FATCA (Foreign Account Tax Compliance Act of 2009) could be one of the final nails in the coffin for offshore banks referred to as foreign financial institutions or FFIs. When I first heard about FATCA after it was passed in March of 2010 I didn’t pay much attention. After all the Swiss banks or other offshore bank accounts to the attention of the IRS.
In its simplest terms FATCA requires a 30 percent withholding tax on any “withholdable payment” made either to an FFI (e.g. an offshore bank) or certain other entities if it fails to comply with new reporting, disclosure, and related requirements. “Withholdable payment” includes U.S. source interest, dividends, rents, salaries, wages, premiums, annuities, compensation, as well as any gross proceeds from the sale or other disposition of property that can produce U.S. source interest or dividends.
Under the new requirements which are effective January 1, 2013 the 30% withholding applies unless the FFI enters into an agreement with the IRS to:
• Obtain information from each account holder as is necessary to determine which accounts are “U.S. accounts”;
• Comply with verification and due diligence procedures (to be prescribed by the Secretary) with respect to the identification of U.S. accounts;
• Report annually certain information related to any U.S. account maintained by such institution;
• Deduct and withhold 30 percent on certain pass thru payments5 made to the benefit of an account holder that refuses to provide the required information (a “recalcitrant account holder”);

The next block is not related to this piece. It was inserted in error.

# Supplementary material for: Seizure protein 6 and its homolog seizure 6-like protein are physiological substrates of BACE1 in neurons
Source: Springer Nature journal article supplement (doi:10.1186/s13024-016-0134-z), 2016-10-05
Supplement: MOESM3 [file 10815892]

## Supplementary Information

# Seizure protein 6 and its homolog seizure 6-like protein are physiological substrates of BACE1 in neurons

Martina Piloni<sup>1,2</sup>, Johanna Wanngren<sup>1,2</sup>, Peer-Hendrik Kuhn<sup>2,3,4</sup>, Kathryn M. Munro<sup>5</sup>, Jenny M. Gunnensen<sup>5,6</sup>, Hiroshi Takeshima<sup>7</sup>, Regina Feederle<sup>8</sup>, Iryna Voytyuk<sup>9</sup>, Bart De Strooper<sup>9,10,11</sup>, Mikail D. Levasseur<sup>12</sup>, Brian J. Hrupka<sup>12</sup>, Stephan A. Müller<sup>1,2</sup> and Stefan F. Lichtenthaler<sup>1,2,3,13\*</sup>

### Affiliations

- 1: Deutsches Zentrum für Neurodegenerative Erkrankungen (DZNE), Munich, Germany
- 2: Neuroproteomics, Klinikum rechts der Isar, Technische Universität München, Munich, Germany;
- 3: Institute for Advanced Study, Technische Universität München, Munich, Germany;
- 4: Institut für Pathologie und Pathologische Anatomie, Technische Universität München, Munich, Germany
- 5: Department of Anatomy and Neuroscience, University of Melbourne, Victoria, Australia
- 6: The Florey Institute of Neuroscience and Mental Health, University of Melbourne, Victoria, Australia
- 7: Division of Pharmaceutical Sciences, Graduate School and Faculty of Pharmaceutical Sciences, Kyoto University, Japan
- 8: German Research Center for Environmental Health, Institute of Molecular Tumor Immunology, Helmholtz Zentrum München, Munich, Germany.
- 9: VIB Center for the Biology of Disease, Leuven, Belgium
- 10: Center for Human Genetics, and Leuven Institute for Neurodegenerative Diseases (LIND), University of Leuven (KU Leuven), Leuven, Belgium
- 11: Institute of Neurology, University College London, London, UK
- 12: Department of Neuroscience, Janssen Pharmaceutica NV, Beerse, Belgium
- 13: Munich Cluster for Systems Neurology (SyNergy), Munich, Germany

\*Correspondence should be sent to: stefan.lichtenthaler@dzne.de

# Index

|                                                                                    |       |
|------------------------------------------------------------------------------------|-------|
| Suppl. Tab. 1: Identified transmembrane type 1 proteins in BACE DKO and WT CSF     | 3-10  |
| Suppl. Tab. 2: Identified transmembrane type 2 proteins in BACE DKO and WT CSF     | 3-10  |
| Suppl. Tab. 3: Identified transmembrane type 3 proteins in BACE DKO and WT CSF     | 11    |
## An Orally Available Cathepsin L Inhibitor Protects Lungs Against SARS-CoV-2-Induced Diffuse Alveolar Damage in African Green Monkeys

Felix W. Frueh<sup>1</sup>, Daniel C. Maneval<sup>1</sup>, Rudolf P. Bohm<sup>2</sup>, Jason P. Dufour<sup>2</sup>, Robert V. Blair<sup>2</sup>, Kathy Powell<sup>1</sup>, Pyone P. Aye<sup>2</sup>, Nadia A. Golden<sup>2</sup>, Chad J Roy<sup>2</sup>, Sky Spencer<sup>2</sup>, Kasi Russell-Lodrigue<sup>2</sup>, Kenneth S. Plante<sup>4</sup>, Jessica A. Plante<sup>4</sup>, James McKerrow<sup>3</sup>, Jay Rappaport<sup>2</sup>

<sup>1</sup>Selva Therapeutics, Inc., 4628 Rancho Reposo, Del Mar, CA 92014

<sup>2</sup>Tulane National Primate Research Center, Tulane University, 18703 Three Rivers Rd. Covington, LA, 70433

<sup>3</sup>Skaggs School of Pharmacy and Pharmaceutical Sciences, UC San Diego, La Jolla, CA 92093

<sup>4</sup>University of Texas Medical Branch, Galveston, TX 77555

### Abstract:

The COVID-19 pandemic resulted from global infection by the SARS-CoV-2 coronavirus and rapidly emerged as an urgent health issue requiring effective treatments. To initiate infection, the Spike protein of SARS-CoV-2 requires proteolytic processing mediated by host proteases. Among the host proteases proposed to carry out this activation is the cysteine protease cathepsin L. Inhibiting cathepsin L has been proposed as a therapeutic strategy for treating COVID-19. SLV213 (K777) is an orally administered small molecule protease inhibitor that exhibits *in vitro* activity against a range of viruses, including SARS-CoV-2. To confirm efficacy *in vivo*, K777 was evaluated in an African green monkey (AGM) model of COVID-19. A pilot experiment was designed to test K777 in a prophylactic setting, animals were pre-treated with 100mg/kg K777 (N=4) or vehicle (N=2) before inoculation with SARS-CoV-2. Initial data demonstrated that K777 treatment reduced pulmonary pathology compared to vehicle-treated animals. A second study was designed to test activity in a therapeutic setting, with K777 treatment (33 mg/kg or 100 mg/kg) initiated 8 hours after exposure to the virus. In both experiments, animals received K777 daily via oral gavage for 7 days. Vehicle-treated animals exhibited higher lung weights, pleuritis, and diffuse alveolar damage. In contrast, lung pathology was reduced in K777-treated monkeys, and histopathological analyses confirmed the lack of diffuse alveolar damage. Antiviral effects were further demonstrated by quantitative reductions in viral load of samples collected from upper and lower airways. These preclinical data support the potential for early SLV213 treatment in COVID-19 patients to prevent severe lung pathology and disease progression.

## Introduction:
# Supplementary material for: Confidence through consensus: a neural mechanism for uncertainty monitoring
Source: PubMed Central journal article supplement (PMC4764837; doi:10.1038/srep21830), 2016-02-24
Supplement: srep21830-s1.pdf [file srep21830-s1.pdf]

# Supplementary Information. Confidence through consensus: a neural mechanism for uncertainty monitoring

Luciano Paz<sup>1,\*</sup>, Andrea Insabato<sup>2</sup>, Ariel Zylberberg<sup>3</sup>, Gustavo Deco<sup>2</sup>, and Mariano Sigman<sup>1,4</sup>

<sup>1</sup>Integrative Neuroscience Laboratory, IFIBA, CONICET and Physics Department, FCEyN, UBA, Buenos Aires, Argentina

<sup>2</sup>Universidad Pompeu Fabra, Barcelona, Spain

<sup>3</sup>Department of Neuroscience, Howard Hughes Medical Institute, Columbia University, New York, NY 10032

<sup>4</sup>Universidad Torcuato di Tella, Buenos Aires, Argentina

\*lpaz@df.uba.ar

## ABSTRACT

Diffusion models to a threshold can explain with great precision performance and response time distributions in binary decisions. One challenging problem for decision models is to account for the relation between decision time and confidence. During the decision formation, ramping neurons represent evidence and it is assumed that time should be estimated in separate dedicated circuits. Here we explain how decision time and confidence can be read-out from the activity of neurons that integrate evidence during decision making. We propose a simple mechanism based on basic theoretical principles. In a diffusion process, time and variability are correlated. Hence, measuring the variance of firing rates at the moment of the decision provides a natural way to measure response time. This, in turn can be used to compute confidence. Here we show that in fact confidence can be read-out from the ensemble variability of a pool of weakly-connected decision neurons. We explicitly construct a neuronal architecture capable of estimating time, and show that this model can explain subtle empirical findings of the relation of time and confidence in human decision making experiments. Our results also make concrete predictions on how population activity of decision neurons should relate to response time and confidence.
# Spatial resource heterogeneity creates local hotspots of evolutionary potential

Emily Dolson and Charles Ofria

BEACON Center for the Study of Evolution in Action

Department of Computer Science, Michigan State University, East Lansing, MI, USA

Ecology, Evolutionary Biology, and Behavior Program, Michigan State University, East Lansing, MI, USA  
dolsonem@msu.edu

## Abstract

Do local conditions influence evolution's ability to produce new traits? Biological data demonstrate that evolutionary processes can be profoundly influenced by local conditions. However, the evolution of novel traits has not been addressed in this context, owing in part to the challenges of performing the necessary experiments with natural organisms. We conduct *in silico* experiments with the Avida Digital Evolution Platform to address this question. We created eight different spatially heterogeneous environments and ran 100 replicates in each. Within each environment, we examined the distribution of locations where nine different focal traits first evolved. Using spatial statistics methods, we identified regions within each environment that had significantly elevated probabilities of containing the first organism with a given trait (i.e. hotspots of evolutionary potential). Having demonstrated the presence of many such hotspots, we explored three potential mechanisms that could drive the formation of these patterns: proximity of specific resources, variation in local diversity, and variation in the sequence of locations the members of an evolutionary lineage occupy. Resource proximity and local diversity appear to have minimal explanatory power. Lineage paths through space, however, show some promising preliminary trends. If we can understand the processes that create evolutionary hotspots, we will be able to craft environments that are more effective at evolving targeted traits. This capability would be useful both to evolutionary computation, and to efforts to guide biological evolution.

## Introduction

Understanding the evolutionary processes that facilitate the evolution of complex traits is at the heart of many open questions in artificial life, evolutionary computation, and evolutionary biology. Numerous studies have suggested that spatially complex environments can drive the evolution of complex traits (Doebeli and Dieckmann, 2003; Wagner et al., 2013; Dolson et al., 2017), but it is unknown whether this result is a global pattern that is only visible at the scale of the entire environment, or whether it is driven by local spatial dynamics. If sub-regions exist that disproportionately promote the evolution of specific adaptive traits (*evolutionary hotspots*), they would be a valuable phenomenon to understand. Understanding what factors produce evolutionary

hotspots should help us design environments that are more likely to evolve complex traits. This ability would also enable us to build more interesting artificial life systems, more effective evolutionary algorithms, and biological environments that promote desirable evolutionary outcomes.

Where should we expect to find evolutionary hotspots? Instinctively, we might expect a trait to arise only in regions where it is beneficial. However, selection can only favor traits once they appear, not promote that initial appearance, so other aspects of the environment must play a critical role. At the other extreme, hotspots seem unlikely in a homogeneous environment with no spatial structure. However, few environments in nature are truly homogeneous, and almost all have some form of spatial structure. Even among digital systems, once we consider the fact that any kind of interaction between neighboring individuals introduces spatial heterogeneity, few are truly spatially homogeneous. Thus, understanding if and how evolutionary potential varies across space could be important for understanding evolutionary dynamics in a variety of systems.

Attempt to obtain a waiver in any case in which any foreign law would (but for a waiver) prevent reporting of information under the provision related to any U.S. account maintained by such institution and, if a waiver is not obtained, to close the account.
Under the agreement the offshore financial institution will provide:
• The name, address and taxpayer identification number (“TIN”) of each account holder that is a specified U.S. person;
• The name, address and TIN of each substantial U.S. owner of any account holder that is a U.S. owned foreign entity;
• The account number;
• The account balance or value (as specified by the Secretary); and
• The gross receipts and gross withdrawals or payments from the account (as specified by the Secretary).
Alternatively the offshore bank could file Forms 1099 with the IRS. In any event more U.S. holders of foreign bank accounts will become known to the IRS in the near future. For more about how and why stay tuned for FACTA Impacts Offshore Bank Accounts (Part II).
If you haven’t filed FBARs and would like to discuss your options make an appointment with one of the IRS trained tax lawyers at Brager Tax Law Group, a P.C.